Historians of jazz identify the African-American civil rights struggle circa 1945-1965 as the locus for the most active involvement of jazz music in expressions of social and political protest. One of the earliest recorded instances of explicit political protest in jazz, "Strange Fruit," was refused by Decca, singer Billie Holiday
's record label, for fear of reprisals from Southern radio stations and record stores. The independent Commodore label released the record in 1939; a searing indictment of lynching and a landmark political statement. Holiday paid a high price for performing "Strange Fruit" and for her refusal to conform to societal expectations of women entertainers: she was persecuted by U.S. narcotics enforcement agents to the point of being handcuffed to her hospital deathbed.
Billie Holiday's death in 1959, preceded by Lester Young
(known by fellow musiciansif not by the wider jazz audienceto have been severely abused while serving in the Army), corresponds with the recording of Charles Mingus' masterpiece Mingus Ah Um
. After Columbia Records executives declined to allow the lyrics of Mingus' attack on segregationist politicians, "Fables of Faubus," to appear in the recording, Mingus quit the label and recorded the original version for the independent Candid label, much as Billie Holiday had done, twenty years earlier.
Mingus, Max Roach
, Abbey Lincoln
, Nina Simone
and Harry Belafonte
, among many other artists, participated in marches and rallies, benefit concerts and church meetings, to advance the cause of civil rights. Responding to the continuing crises in African-American communities during the late '60s and early '70s, Archie Shepp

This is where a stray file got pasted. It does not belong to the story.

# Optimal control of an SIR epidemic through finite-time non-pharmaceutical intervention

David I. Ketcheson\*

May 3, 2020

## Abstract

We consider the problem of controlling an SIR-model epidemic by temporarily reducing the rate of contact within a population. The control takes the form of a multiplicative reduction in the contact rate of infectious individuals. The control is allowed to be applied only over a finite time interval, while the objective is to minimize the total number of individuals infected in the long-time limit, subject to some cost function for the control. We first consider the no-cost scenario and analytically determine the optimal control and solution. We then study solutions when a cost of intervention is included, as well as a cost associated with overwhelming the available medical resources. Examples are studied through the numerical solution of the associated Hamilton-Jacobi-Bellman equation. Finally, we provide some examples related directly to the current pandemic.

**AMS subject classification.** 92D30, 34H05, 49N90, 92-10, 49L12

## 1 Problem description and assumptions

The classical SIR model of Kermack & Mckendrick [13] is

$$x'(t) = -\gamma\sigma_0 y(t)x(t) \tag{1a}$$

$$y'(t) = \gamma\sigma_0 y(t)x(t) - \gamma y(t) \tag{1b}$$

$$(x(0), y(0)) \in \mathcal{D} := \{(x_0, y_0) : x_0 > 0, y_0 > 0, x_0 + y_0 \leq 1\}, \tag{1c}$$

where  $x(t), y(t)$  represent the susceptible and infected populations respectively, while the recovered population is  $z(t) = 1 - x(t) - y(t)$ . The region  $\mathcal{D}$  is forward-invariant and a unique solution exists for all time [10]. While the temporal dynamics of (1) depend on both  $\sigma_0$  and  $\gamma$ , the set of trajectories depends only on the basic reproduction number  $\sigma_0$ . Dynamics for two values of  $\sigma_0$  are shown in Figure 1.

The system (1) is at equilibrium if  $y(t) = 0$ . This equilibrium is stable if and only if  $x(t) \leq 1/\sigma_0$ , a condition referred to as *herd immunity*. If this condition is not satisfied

recorded Attica Blues
, Gary Bartz
and Nju Troop released Harlem Bush Music
, a favorite of members of the Black Panther Party, and Mingus wrote "Remember Rockefeller at Attica," and kept "Fables of Faubus" in his performing repertoire.
The situation for European jazz musicians in some respects paralleled that of their American counterparts. The 1968 uprisings occurred in the midst of an upwelling of free jazz and collective improvisation under the rubric of Emanzipation
, a conscious break from what was perceived to be the strictures of American jazz forms and practices. Free improvisation music is noncommercial, anti-hierarchical, and insofar as it operates outside the institutional walls of conservatory-based contemporary jazz, anti-establishment.
Today, music that calls out the legacy of oppression, neglect of cities, systemic violence and racism, spans the world from the post-colonial global south to the post-industrial global north. In an era of irreconcilable political polarization, growing economic inequality, environmental degradation, and social instability, the three albums reviewed in this article, composed by jazz artists working in the Netherlands, Canada and Germany, display a range of creative musical responses to times of crisis.
Teis Semey: Where the Fence Is the Highest
(TRPTK) Where the Fence Is the Highest
, an ambitious work of new creative jazz, heralds the arrival of Teis Semey
, a talented composer-guitarist. The Danish guitarist, a graduate of the Conservatorium van Amsterdam jazz performance program, has established a performing career in the Netherlands, earned praise from critics, and built a growing audience of enthusiastic fans. In his home country of Denmark as well as his current home in the Netherlands, there is deep resentment of immigrants and refugees, virtual walls between communities, and growing economic uncertainty, all of which are reflected in the title of the album, in texts threaded into the musical passages, and in Semey's own liner notes: Everything is interconnected...as with the pending climate change disaster, the increasing global gap between rich and poor, and a growing sense of losing grasp on what it factual, it feels kind of doomy to live these days... a reminder to stay true and authentic in the art we make.